A deep breath is time well spent on the bow. Remember, it’s only a fish. It may be an incredibly challenging fish but it is still way down the food chain from most of us. With a little focus you can get the better of it. No one catches every bonefish they see. When you blow a shot, put it behind you. Don’t carry that frustration over to the next shot.

I’ve seen anglers completely melt down on the bow. When the cumulative frustration of multiple missed opportunities starts to get to you, take some time out. Let your buddy fish a while and get your head straight. Most of all be honest with yourself. Most of us are neither as good or as bad an angler as we tell ourselves at any given time. We are all imperfect and in a constant state of learning.

It’s very common for anglers to stress about what other anglers think of their performance. That is the most common cause of the angler melt down. Let me tell you, it doesn’t matter. How well you fish is of no concern to anyone but yourself. If you are fishing with an angler who is much more advanced than you, remember he was once where you are. He knows better than you how every missed shot stings. Don’t sweat it. Just relax and enjoy yourself. There really is no other point.


Come fish with me in the Bahamas June 2019! there are still a couple of spots available.

Click here for details!

Louis Cahill
Gink & Gasoline
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7 thoughts on “Concentration, Relaxation and Communication Equal Better Bonefishing

  1. Pingback: Concentration, Relaxation and Communication Equal Better Bonefishing | Latest Fishing Blogs Posts

  2. I don’t think I would enjoy a day of fishing under such conditions. I’m out there to enjoy myself, enjoy the experience, maybe catch a few fish, or maybe not. If I have to think about it too much, then I’m not going to have fun. Sounds to me like this is taking it way too seriously. I don’t think being under pressure for a whole day is enjoyment. And it’s certainly not relaxing.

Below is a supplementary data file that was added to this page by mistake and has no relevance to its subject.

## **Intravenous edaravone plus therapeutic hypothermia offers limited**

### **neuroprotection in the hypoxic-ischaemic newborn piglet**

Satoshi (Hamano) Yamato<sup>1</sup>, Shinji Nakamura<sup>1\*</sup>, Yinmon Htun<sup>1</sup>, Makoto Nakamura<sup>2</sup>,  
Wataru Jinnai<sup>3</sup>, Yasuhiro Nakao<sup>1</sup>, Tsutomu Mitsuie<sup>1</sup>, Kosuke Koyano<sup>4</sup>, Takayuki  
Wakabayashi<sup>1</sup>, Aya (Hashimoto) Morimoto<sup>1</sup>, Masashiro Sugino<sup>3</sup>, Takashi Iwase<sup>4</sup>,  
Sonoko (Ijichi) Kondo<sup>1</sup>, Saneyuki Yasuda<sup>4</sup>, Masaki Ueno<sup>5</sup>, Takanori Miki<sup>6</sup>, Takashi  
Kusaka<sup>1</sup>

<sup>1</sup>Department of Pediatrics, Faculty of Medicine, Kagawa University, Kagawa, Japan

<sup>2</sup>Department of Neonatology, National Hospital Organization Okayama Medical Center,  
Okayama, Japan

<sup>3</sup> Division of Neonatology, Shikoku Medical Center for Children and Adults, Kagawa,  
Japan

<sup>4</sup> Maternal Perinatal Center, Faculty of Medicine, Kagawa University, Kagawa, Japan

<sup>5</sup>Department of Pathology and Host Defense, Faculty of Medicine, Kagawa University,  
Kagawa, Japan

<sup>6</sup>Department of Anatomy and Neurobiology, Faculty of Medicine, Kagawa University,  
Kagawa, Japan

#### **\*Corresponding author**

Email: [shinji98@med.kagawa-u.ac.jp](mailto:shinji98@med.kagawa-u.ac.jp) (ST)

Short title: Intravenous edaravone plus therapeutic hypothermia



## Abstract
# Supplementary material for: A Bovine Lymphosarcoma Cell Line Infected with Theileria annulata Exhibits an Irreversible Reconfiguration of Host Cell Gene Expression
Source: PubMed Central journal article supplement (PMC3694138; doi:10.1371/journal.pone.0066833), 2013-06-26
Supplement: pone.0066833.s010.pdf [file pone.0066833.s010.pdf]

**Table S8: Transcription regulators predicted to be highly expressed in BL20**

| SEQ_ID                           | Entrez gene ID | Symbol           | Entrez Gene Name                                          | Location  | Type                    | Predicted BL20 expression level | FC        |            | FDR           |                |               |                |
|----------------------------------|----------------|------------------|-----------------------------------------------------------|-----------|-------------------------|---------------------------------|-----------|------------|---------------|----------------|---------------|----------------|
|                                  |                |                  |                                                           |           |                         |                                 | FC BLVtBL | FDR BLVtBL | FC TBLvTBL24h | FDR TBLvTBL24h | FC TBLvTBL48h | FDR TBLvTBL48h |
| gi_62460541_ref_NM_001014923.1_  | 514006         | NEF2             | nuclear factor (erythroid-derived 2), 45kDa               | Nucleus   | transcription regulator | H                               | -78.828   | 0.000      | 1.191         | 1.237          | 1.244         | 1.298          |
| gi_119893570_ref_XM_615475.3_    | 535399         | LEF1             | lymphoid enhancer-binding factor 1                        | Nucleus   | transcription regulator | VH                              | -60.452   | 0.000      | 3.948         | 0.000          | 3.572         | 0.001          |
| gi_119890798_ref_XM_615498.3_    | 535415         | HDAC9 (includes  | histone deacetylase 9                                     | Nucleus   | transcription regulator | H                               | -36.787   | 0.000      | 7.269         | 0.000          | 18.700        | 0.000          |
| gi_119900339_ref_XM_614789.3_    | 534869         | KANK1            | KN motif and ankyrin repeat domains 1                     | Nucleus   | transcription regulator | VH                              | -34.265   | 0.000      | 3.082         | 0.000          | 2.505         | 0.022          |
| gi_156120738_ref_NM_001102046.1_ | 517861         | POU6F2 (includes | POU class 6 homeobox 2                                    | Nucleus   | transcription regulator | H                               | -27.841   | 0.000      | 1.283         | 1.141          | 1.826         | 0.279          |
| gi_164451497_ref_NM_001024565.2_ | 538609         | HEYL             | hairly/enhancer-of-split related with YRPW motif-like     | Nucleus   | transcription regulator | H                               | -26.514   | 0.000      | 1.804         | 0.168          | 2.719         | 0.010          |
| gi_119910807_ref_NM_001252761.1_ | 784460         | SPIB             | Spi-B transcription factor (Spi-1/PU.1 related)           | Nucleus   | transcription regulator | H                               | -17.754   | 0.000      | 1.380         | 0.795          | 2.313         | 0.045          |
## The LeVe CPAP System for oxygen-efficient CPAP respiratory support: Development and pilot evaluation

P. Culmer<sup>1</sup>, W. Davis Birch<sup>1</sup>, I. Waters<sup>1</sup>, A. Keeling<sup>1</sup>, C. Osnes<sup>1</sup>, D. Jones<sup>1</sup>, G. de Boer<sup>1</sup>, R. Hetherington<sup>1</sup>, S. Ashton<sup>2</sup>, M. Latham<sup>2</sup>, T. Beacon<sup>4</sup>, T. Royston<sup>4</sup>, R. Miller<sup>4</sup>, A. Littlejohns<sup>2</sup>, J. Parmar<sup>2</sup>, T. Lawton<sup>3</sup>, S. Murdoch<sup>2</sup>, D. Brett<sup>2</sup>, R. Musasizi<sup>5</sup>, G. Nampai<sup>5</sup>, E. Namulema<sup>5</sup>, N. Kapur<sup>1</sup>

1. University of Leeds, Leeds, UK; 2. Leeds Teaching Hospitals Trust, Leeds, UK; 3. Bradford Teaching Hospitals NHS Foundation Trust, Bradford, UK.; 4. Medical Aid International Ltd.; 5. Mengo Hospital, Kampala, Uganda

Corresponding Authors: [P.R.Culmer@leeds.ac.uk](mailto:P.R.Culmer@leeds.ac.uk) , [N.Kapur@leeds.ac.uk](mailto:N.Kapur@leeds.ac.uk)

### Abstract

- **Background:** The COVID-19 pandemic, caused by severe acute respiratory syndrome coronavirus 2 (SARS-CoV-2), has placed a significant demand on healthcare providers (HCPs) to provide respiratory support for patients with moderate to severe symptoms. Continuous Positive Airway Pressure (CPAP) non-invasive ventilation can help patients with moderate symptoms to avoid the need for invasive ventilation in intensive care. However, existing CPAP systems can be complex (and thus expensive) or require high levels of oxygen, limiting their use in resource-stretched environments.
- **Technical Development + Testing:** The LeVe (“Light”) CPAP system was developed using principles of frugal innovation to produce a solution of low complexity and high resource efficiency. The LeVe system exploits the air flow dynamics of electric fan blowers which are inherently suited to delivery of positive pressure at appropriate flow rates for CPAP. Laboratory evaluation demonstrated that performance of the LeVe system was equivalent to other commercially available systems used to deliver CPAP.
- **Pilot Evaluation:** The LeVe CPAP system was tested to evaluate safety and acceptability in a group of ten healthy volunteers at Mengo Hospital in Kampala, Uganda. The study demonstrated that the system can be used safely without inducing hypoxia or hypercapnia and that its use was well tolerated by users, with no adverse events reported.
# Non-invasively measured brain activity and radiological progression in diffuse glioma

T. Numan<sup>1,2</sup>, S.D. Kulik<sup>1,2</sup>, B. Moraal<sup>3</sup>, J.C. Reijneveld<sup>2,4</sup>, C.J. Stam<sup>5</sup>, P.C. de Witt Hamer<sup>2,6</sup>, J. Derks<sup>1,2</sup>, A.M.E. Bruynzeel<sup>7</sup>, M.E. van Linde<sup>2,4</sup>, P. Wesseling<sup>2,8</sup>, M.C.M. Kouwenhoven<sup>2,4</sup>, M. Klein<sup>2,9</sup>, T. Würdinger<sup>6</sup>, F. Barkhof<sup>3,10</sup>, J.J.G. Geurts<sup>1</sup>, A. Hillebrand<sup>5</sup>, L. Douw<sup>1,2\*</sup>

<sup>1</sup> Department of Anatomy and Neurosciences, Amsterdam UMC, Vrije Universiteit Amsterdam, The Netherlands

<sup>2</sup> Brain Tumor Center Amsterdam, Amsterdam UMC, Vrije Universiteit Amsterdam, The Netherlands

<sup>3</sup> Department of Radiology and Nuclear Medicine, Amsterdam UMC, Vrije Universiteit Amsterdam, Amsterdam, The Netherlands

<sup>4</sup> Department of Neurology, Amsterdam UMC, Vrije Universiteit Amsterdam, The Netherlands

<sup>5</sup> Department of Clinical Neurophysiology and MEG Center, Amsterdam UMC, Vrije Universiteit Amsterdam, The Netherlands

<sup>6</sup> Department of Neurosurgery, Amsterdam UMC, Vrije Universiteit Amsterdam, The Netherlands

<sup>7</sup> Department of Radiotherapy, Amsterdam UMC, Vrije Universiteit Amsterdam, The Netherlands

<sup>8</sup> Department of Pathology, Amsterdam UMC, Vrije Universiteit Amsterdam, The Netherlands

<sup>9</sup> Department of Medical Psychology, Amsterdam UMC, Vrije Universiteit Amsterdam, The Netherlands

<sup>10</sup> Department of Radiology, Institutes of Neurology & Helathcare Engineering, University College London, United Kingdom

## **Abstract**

Just my take on it after reading many such articles. I will probably never go bonefishing, unless I go alone. But again, from everything I’ve read, I probably won’t catch any fish alone and un-guided. Oh well.

    • Exactly, Keith. I was just thinking the same thing. If I had not been bone fishing a few times, and didn’t know any different, I would have come away with the same impressions you are expressing. When, in truth, it’s just fishing. Mr. Cahill is not wrong with regard to anything he’s telling us, but somehow, the tone of it is off-putting. I’d bet anything he didn’t intend for it to be like that.

  3. Louis,

    You nailed it! Great explanation of the ‘ying and yang’ of concentration vs relaxation. Tough to master but the journey is what counts not the destination.

    I have begun to enjoy my fly fishing more after focussing more on process (eg. Learning, improving skills) than results (how many I caught vs others).


  4. I’ve only been bonefishing once, but that will be changing soon since I’m going on the South Andros trip Louis is organizing for June. I have however done a lot of salt water fly fishing the past three years since retiring and moving to Florida. When friends who have fly fished for trout or bass come to visit I like to prep them by explaining that saltwater fly fishing is to trout fishing what kick boxing is to hopscotch. Maybe that’s too dramatic but I think it helps to understand the different mind set. Like kickboxing, there are consequences when you have a lapse of concentration.

  5. I had a tough time on my last Bahamas bonefishing trip, my 8th! I blew a lot of shots, couldn’t see a fish 30 feet that the guide pointed out but saw fish at 100 and 300 yards even before the guide. I had the wrong kind of concentration. I blew shot after shot but managed to fool 6 fish in a week (5 guided, one DIY). Another good angler only caught 10 so I don’t feel it was poor fishing skills. The beginners caught 30 each! It was humbling not because I was outfished (they managed to find more big schools) but my short game was not! Since then, I’ve been focusing on remembering the fun I had, that I wouldn’t want to be any other place (except a trout stream), and know that I’ll have hard trips from time to time. I’ll think about your tips for next year and I think they will come in handy. I also remember one pod I blew up with one false cast! Back to the lawn for more practice, and then a few moments to meditate!